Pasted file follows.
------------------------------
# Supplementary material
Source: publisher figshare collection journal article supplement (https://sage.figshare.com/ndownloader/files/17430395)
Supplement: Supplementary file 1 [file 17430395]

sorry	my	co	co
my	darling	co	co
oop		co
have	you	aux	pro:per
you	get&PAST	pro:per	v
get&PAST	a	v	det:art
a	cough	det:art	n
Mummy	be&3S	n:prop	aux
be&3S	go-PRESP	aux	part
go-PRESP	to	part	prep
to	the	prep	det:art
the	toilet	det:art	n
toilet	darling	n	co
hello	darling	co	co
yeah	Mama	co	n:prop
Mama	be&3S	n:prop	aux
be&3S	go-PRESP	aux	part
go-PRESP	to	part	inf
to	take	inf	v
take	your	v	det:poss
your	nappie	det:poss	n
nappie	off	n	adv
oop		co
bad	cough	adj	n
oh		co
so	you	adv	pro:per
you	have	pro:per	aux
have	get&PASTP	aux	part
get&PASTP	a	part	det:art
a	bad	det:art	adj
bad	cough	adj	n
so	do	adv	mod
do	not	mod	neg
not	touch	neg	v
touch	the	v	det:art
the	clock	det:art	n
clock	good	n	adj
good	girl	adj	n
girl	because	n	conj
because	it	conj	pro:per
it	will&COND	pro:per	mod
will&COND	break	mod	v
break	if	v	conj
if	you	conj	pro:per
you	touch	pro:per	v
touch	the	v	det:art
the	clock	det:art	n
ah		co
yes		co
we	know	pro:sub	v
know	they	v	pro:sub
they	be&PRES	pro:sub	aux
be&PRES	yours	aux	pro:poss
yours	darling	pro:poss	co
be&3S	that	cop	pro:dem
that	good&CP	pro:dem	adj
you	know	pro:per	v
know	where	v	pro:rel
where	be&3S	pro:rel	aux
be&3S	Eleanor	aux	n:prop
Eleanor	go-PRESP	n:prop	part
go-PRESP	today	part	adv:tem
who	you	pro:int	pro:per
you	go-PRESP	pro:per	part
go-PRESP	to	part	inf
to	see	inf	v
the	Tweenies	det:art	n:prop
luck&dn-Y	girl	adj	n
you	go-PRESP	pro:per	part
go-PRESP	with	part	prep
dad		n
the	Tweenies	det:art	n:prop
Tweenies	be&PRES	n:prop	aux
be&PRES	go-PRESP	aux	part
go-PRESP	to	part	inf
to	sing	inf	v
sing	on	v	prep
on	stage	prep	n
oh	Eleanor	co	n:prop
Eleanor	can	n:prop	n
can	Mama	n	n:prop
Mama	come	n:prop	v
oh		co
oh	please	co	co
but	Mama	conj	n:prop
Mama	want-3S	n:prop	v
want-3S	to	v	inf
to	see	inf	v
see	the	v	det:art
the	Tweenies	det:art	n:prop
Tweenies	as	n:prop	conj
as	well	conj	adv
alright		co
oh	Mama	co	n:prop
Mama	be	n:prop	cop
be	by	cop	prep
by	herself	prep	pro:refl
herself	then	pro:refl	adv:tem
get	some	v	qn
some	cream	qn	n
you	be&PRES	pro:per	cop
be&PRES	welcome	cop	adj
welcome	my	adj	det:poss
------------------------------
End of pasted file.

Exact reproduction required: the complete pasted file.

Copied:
# Supplementary material
Source: publisher figshare collection journal article supplement (https://sage.figshare.com/ndownloader/files/17430395)
Supplement: Supplementary file 1 [file 17430395]

sorry	my	co	co
my	darling	co	co
oop		co
have	you	aux	pro:per
you	get&PAST	pro:per	v
get&PAST	a	v	det:art
a	cough	det:art	n
Mummy	be&3S	n:prop	aux
be&3S	go-PRESP	aux	part
go-PRESP	to	part	prep
to	the	prep	det:art
the	toilet	det:art	n
toilet	darling	n	co
hello	darling	co	co
yeah	Mama	co	n:prop
Mama	be&3S	n:prop	aux
be&3S	go-PRESP	aux	part
go-PRESP	to	part	inf
to	take	inf	v
take	your	v	det:poss
your	nappie	det:poss	n
nappie	off	n	adv
oop		co
bad	cough	adj	n
oh		co
so	you	adv	pro:per
you	have	pro:per	aux
have	get&PASTP	aux	part
get&PASTP	a	part	det:art
a	bad	det:art	adj
bad	cough	adj	n
so	do	adv	mod
do	not	mod	neg
not	touch	neg	v
touch	the	v	det:art
the	clock	det:art	n
clock	good	n	adj
good	girl	adj	n
girl	because	n	conj
because	it	conj	pro:per
it	will&COND	pro:per	mod
will&COND	break	mod	v
break	if	v	conj
if	you	conj	pro:per
you	touch	pro:per	v
touch	the	v	det:art
the	clock	det:art	n
ah		co
yes		co
we	know	pro:sub	v
know	they	v	pro:sub
they	be&PRES	pro:sub	aux
be&PRES	yours	aux	pro:poss
yours	darling	pro:poss	co
be&3S	that	cop	pro:dem
that	good&CP	pro:dem	adj
you	know	pro:per	v
know	where	v	pro:rel
where	be&3S	pro:rel	aux
be&3S	Eleanor	aux	n:prop
Eleanor	go-PRESP	n:prop	part
go-PRESP	today	part	adv:tem
who	you	pro:int	pro:per
you	go-PRESP	pro:per	part
go-PRESP	to	part	inf
to	see	inf	v
the	Tweenies	det:art	n:prop
luck&dn-Y	girl	adj	n
you	go-PRESP	pro:per	part
go-PRESP	with	part	prep
dad		n
the	Tweenies	det:art	n:prop
Tweenies	be&PRES	n:prop	aux
be&PRES	go-PRESP	aux	part
go-PRESP	to	part	inf
to	sing	inf	v
sing	on	v	prep
on	stage	prep	n
oh	Eleanor	co	n:prop
Eleanor	can	n:prop	n
can	Mama	n	n:prop
Mama	come	n:prop	v
oh		co
oh	please	co	co
but	Mama	conj	n:prop
Mama	want-3S	n:prop	v
want-3S	to	v	inf
to	see	inf	v
see	the	v	det:art
the	Tweenies	det:art	n:prop
Tweenies	as	n:prop	conj
as	well	conj	adv
alright		co
oh	Mama	co	n:prop
Mama	be	n:prop	cop
be	by	cop	prep
by	herself	prep	pro:refl
herself	then	pro:refl	adv:tem
get	some	v	qn
some	cream	qn	n
you	be&PRES	pro:per	cop
be&PRES	welcome	cop	adj
welcome	my	adj	det:poss